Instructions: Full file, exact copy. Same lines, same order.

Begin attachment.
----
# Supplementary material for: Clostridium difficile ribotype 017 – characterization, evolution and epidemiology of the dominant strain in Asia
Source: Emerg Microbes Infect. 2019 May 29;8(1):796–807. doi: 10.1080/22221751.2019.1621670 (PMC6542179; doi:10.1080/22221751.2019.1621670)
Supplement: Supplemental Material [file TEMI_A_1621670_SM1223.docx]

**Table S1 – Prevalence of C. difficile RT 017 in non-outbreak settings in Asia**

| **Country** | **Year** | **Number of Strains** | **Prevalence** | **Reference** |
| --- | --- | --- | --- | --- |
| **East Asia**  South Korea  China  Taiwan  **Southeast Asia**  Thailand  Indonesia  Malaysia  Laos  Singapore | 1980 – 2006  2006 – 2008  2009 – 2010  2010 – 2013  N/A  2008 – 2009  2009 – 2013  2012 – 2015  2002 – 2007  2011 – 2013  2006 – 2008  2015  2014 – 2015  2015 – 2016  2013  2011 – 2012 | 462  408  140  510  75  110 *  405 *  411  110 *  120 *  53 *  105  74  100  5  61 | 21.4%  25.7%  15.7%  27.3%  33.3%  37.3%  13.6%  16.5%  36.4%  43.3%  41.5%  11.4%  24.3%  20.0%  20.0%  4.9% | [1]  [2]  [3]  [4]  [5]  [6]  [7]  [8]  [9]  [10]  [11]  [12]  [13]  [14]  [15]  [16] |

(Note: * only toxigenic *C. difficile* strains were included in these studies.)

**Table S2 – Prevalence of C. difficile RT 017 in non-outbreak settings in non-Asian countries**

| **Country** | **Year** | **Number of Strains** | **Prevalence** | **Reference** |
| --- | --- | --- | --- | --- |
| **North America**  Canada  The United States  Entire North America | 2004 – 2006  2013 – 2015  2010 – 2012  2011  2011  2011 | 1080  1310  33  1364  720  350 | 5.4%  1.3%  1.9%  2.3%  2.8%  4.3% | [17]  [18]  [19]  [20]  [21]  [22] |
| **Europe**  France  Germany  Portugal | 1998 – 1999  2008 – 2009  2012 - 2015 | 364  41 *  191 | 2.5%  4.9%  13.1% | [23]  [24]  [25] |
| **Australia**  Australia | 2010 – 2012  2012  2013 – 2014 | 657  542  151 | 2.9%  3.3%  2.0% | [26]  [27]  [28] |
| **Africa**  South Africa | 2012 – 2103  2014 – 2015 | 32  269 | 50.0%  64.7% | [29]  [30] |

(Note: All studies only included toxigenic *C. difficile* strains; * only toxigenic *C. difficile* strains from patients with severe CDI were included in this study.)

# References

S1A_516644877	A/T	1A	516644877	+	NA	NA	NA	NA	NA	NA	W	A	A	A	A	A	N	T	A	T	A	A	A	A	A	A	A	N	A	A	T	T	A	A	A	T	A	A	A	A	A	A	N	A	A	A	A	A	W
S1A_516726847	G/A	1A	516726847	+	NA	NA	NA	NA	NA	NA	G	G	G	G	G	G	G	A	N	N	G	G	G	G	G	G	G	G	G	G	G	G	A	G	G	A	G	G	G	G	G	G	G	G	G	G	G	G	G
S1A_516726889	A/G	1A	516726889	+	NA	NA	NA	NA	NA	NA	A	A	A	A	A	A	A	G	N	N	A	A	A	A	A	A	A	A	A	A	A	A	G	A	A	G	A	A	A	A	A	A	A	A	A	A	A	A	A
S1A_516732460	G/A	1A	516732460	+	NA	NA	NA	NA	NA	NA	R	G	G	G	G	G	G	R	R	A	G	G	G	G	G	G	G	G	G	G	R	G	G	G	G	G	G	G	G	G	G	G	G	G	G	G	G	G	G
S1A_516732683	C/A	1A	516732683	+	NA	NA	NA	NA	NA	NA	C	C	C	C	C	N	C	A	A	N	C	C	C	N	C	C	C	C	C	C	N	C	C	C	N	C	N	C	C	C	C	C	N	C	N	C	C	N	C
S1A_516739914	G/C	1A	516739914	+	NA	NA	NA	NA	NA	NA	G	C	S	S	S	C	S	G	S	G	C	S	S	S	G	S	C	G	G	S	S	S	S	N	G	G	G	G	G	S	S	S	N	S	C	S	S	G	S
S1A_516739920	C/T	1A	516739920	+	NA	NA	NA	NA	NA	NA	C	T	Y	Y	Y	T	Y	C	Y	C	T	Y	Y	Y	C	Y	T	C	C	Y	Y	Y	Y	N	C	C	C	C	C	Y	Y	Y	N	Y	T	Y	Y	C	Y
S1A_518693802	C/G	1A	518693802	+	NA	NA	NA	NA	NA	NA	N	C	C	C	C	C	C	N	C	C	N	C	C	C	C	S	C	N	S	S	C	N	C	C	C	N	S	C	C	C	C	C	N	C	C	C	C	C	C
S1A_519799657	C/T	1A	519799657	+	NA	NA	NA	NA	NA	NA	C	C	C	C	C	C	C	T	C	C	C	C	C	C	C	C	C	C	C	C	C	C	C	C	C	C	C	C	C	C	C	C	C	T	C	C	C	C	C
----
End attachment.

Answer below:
# Supplementary material for: Clostridium difficile ribotype 017 – characterization, evolution and epidemiology of the dominant strain in Asia
Source: Emerg Microbes Infect. 2019 May 29;8(1):796–807. doi: 10.1080/22221751.2019.1621670 (PMC6542179; doi:10.1080/22221751.2019.1621670)
Supplement: Supplemental Material [file TEMI_A_1621670_SM1223.docx]

**Table S1 – Prevalence of C. difficile RT 017 in non-outbreak settings in Asia**

| **Country** | **Year** | **Number of Strains** | **Prevalence** | **Reference** |
| --- | --- | --- | --- | --- |
| **East Asia**  South Korea  China  Taiwan  **Southeast Asia**  Thailand  Indonesia  Malaysia  Laos  Singapore | 1980 – 2006  2006 – 2008  2009 – 2010  2010 – 2013  N/A  2008 – 2009  2009 – 2013  2012 – 2015  2002 – 2007  2011 – 2013  2006 – 2008  2015  2014 – 2015  2015 – 2016  2013  2011 – 2012 | 462  408  140  510  75  110 *  405 *  411  110 *  120 *  53 *  105  74  100  5  61 | 21.4%  25.7%  15.7%  27.3%  33.3%  37.3%  13.6%  16.5%  36.4%  43.3%  41.5%  11.4%  24.3%  20.0%  20.0%  4.9% | [1]  [2]  [3]  [4]  [5]  [6]  [7]  [8]  [9]  [10]  [11]  [12]  [13]  [14]  [15]  [16] |

(Note: * only toxigenic *C. difficile* strains were included in these studies.)

**Table S2 – Prevalence of C. difficile RT 017 in non-outbreak settings in non-Asian countries**

| **Country** | **Year** | **Number of Strains** | **Prevalence** | **Reference** |
| --- | --- | --- | --- | --- |
| **North America**  Canada  The United States  Entire North America | 2004 – 2006  2013 – 2015  2010 – 2012  2011  2011  2011 | 1080  1310  33  1364  720  350 | 5.4%  1.3%  1.9%  2.3%  2.8%  4.3% | [17]  [18]  [19]  [20]  [21]  [22] |
| **Europe**  France  Germany  Portugal | 1998 – 1999  2008 – 2009  2012 - 2015 | 364  41 *  191 | 2.5%  4.9%  13.1% | [23]  [24]  [25] |
| **Australia**  Australia | 2010 – 2012  2012  2013 – 2014 | 657  542  151 | 2.9%  3.3%  2.0% | [26]  [27]  [28] |
| **Africa**  South Africa | 2012 – 2103  2014 – 2015 | 32  269 | 50.0%  64.7% | [29]  [30] |

(Note: All studies only included toxigenic *C. difficile* strains; * only toxigenic *C. difficile* strains from patients with severe CDI were included in this study.)

# References

S1A_516644877	A/T	1A	516644877	+	NA	NA	NA	NA	NA	NA	W	A	A	A	A	A	N	T	A	T	A	A	A	A	A	A	A	N	A	A	T	T	A	A	A	T	A	A	A	A	A	A	N	A	A	A	A	A	W
S1A_516726847	G/A	1A	516726847	+	NA	NA	NA	NA	NA	NA	G	G	G	G	G	G	G	A	N	N	G	G	G	G	G	G	G	G	G	G	G	G	A	G	G	A	G	G	G	G	G	G	G	G	G	G	G	G	G
S1A_516726889	A/G	1A	516726889	+	NA	NA	NA	NA	NA	NA	A	A	A	A	A	A	A	G	N	N	A	A	A	A	A	A	A	A	A	A	A	A	G	A	A	G	A	A	A	A	A	A	A	A	A	A	A	A	A
S1A_516732460	G/A	1A	516732460	+	NA	NA	NA	NA	NA	NA	R	G	G	G	G	G	G	R	R	A	G	G	G	G	G	G	G	G	G	G	R	G	G	G	G	G	G	G	G	G	G	G	G	G	G	G	G	G	G
S1A_516732683	C/A	1A	516732683	+	NA	NA	NA	NA	NA	NA	C	C	C	C	C	N	C	A	A	N	C	C	C	N	C	C	C	C	C	C	N	C	C	C	N	C	N	C	C	C	C	C	N	C	N	C	C	N	C
S1A_516739914	G/C	1A	516739914	+	NA	NA	NA	NA	NA	NA	G	C	S	S	S	C	S	G	S	G	C	S	S	S	G	S	C	G	G	S	S	S	S	N	G	G	G	G	G	S	S	S	N	S	C	S	S	G	S
S1A_516739920	C/T	1A	516739920	+	NA	NA	NA	NA	NA	NA	C	T	Y	Y	Y	T	Y	C	Y	C	T	Y	Y	Y	C	Y	T	C	C	Y	Y	Y	Y	N	C	C	C	C	C	Y	Y	Y	N	Y	T	Y	Y	C	Y
S1A_518693802	C/G	1A	518693802	+	NA	NA	NA	NA	NA	NA	N	C	C	C	C	C	C	N	C	C	N	C	C	C	C	S	C	N	S	S	C	N	C	C	C	N	S	C	C	C	C	C	N	C	C	C	C	C	C
S1A_519799657	C/T	1A	519799657	+	NA	NA	NA	NA	NA	NA	C	C	C	C	C	C	C	T	C	C	C	C	C	C	C	C	C	C	C	C	C	C	C	C	C	C	C	C	C	C	C	C	C	T	C	C	C	C	C